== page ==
Aras Bulut Iynemli is one of the finest, widely-liked, multi-award winning and prolific actors within his peer group. A young actor not yet 30, he has an impressive body of work under his belt, starting work in commercials when just a teenager. Most recently in film, he portrays Memo, a wrongly imprisoned, intellectually challenged single father, in the commercially and critically successful Miracle in Cell No. 7, now streaming on Netflix. The movie, showcasing a heartfelt, sensitive and emotional performance by Aras, has reached and deeply touched millions of viewers around the world.
Aras filmed the movie in the summer of 2019, during a break from shooting Cukur, (TV series, 2017-2020), in which he plays the gangland lead, Yamac Kocovali. Already very popular worldwide as Yamac in Cukur, the film Miracle in Cell No. 7 cemented his fame as a versatile, talented and hardworking performer.
As of mid- April, 2020 Aras is the highest ranking Turkish star on IMDb.
When an actor fully embodies the character he’s playing, and the audience sees only the character on screen without a hint of his star power, it showcases the supremacy of his craft most believably. This is the unique trait Aras brings to the screen, going from strength to strength with each successive project since he started his career.
His breakthrough moment came in 2016, when he played the role of Mert Karadag/ Umut Yilmaz in the critically acclaimed Ay Yapim production, Icerde*. Playing alongside Cagatay Ulusoy (Sarp Yilmaz), he plays the role of a traumatized young man who was kidnapped as an infant and raised on the streets until adopted by a mobster. With misled allegiances and vague memories of his real family, Mert/Umut walks the line between truth and lies, right and wrong, and struggles between the heart and mind. Aras lives his role through the inner conflict he portrays with his full body acting, which takes the audience on an unforgettable cinematic ride. After only half a decade in diziland, Aras has truly arrived.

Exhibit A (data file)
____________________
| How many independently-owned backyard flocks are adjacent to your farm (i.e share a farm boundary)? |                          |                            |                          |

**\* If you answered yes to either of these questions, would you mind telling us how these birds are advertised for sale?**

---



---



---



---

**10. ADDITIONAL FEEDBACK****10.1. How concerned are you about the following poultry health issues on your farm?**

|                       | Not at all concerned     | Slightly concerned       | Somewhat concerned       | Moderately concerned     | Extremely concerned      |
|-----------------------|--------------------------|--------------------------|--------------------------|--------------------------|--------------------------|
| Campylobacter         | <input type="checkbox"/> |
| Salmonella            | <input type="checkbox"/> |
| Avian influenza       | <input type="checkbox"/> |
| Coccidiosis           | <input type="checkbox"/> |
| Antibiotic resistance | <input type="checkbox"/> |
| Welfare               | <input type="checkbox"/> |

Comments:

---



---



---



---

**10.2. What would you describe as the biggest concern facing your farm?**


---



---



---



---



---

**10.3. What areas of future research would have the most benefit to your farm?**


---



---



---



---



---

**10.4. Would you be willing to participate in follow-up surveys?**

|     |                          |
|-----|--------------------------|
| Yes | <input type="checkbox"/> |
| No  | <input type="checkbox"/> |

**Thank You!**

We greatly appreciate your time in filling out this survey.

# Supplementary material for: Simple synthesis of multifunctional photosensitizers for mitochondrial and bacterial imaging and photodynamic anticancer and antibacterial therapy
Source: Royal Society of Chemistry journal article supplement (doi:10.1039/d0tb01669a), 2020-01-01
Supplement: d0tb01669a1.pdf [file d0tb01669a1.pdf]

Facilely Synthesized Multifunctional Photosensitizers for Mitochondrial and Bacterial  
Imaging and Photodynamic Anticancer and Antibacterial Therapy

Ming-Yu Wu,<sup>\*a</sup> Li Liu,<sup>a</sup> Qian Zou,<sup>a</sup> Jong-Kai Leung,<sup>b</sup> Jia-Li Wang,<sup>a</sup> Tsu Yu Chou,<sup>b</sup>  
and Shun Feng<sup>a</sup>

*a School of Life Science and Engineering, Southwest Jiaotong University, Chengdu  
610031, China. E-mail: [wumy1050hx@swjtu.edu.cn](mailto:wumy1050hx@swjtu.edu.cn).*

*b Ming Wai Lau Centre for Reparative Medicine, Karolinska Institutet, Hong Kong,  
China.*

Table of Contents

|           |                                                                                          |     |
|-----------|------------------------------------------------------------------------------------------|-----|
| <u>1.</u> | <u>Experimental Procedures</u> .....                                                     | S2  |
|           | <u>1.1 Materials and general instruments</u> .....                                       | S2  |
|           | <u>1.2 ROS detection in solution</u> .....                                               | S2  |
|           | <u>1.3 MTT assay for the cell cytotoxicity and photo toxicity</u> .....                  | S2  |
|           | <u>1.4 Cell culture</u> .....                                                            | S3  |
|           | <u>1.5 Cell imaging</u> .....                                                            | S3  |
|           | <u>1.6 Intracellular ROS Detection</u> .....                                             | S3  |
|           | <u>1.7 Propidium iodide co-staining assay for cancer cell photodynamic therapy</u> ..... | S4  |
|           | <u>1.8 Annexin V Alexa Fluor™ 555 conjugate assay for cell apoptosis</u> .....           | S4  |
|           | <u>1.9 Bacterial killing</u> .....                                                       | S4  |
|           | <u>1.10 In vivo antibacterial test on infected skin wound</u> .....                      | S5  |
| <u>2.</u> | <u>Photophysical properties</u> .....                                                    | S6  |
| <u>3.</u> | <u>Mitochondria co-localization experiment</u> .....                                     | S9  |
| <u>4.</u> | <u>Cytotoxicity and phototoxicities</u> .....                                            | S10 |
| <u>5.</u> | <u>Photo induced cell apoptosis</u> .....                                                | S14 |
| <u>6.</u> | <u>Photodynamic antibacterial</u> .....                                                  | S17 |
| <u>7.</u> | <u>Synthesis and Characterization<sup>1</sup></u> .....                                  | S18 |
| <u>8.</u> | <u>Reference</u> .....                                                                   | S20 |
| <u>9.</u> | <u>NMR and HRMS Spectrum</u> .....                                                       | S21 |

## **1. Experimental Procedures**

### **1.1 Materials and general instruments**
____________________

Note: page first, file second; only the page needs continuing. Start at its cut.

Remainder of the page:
When watching Aras on screen, it is easy to bask in the intensity and the authenticity of what he brings to each theatrical moment. We enter the realm of the difficult and complicated relationship between Aras’ performance and us as viewers. We are tasked with suspending belief in a fictitious world but also asked to believe in the stories at the same time. Aras makes this easy for us. He does this with a mindfulness and trust in himself and others around him. This self-trust and the consequent chemistry with co-stars, which is visible to us and also mentioned by co-stars, elicits incredible emotions from his audiences. We get an actor who’s exciting, different, appealing, impressive and original.
For Aras, the success of these recent productions and his growing fame are the culmination of many years of earlier appearances in Turkish TV. Prior to the start of Icerde, besides a few films, his dizi career includes a turn as Sarp Altan, a young baby-faced baker/businessman in a shorter series Maral: En güzel Hikayem with Hazal Kaya. He also features as Sehzade Bayezid in Magnificent Century, alongside Halit Ergenç and other talented Turkish stars. Before this he acts as Mete Akarsu in Öyle Bir Geçer Zaman ki, a very successful, long running TV series in Turkey.
He has made the most of his early acting roles to develop his now wide-ranging repertoire and gain new opportunities to work with directors like Mehmet Ada Öztekin, who directed Aras in Mahmut & Meryem in 2013 and in Miracle in Cell No. 7 in 2019. More details on his projects, awards and nominations can be found on IMDb here.
Aras: A Standout Actor